Principles of Informed Consent
- To give consent an individual must be legally able to do so. This means the individual needs to be of legal age and mentally competent. To be considered legally competent, the individual must be mentally sound and not under the influence of alcohol or drugs. This means that special care must be taken when treating seriously ill or injured patients. The influence of pain killers or of fear, depression or anxiety brought on by the ailment can be considered grounds for nullifying informed consent.
- The patient should be informed of the benefits of the proposed procedure or course of treatment in a realistic fashion. This means the patient must understand the likelihood of the potential benefits and the variety of possible positive outcomes. Focusing only on the best case scenario, or stating that a possible outcome is a guaranteed outcome, could nullify informed consent if that outcome is not achieved.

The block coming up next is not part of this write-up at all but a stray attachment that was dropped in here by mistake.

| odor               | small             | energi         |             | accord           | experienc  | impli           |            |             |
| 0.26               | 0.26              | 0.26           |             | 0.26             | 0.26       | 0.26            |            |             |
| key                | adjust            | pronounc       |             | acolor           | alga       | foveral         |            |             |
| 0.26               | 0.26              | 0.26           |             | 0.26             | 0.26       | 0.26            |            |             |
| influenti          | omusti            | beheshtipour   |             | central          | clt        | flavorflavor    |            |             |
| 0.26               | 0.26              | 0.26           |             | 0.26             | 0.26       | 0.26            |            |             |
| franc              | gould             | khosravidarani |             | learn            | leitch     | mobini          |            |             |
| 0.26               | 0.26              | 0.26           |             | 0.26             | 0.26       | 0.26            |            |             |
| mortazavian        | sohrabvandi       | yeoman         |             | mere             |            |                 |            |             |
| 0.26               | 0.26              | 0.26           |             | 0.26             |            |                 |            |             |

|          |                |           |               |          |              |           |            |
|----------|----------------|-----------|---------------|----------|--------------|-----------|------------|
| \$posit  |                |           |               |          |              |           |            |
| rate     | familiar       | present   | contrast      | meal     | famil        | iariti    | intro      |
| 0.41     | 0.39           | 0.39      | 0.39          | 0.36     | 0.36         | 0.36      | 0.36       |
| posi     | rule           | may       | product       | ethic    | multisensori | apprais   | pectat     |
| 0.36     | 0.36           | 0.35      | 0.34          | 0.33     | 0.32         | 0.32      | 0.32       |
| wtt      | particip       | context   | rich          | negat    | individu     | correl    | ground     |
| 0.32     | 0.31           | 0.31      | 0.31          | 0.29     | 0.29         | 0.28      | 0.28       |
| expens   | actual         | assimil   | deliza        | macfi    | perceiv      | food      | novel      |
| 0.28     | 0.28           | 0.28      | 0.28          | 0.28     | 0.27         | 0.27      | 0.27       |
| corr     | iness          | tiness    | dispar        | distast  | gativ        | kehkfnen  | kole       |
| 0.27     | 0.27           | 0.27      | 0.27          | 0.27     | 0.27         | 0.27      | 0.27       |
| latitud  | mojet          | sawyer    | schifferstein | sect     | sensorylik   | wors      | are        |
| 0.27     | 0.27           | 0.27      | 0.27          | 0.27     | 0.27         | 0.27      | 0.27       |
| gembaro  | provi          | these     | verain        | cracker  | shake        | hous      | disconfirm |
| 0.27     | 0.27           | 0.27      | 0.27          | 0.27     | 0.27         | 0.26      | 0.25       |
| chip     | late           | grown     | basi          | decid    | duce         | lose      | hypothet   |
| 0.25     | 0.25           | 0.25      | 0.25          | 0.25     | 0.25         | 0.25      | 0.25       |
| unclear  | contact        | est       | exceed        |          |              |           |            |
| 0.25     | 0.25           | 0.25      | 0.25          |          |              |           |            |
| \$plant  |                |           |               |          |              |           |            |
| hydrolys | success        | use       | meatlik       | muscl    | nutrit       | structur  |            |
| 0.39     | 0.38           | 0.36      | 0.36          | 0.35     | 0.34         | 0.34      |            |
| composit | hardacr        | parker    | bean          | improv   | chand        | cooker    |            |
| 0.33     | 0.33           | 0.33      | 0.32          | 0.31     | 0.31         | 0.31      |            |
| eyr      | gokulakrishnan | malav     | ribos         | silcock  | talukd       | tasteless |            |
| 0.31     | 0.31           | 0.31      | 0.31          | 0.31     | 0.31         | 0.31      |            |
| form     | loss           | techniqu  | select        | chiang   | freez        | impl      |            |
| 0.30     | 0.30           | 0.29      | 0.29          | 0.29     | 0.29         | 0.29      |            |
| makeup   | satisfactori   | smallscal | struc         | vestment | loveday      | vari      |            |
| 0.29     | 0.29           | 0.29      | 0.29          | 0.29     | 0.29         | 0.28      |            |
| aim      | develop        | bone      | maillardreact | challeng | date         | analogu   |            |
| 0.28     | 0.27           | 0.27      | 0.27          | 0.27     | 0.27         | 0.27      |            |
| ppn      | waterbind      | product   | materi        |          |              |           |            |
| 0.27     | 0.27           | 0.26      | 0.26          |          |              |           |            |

- The patient must also be informed of any risks associated with the proposed procedure or course of treatment. This includes the risk that it will not be effective, but must also include any risk of negative consequences including possible side effects. The likelihood of each possible consequence should also be discussed and understood by the patient. The medical professional should avoid using medical jargon and ensure the patient fully understands what is being proposed.
- In addition to risks and benefits, patients should understand the full details of the proposed action. This includes the steps involved, any and all procedures and medications that may be required and the time frame or expected duration of treatment. The patient should also be given an idea of the cost of treatment and an opportunity to consult with his insurance provider. Except in time-critical, life-threatening situations, patients should also never be discouraged from discussing the proposed treatment with others including getting a second opinion if they so choose.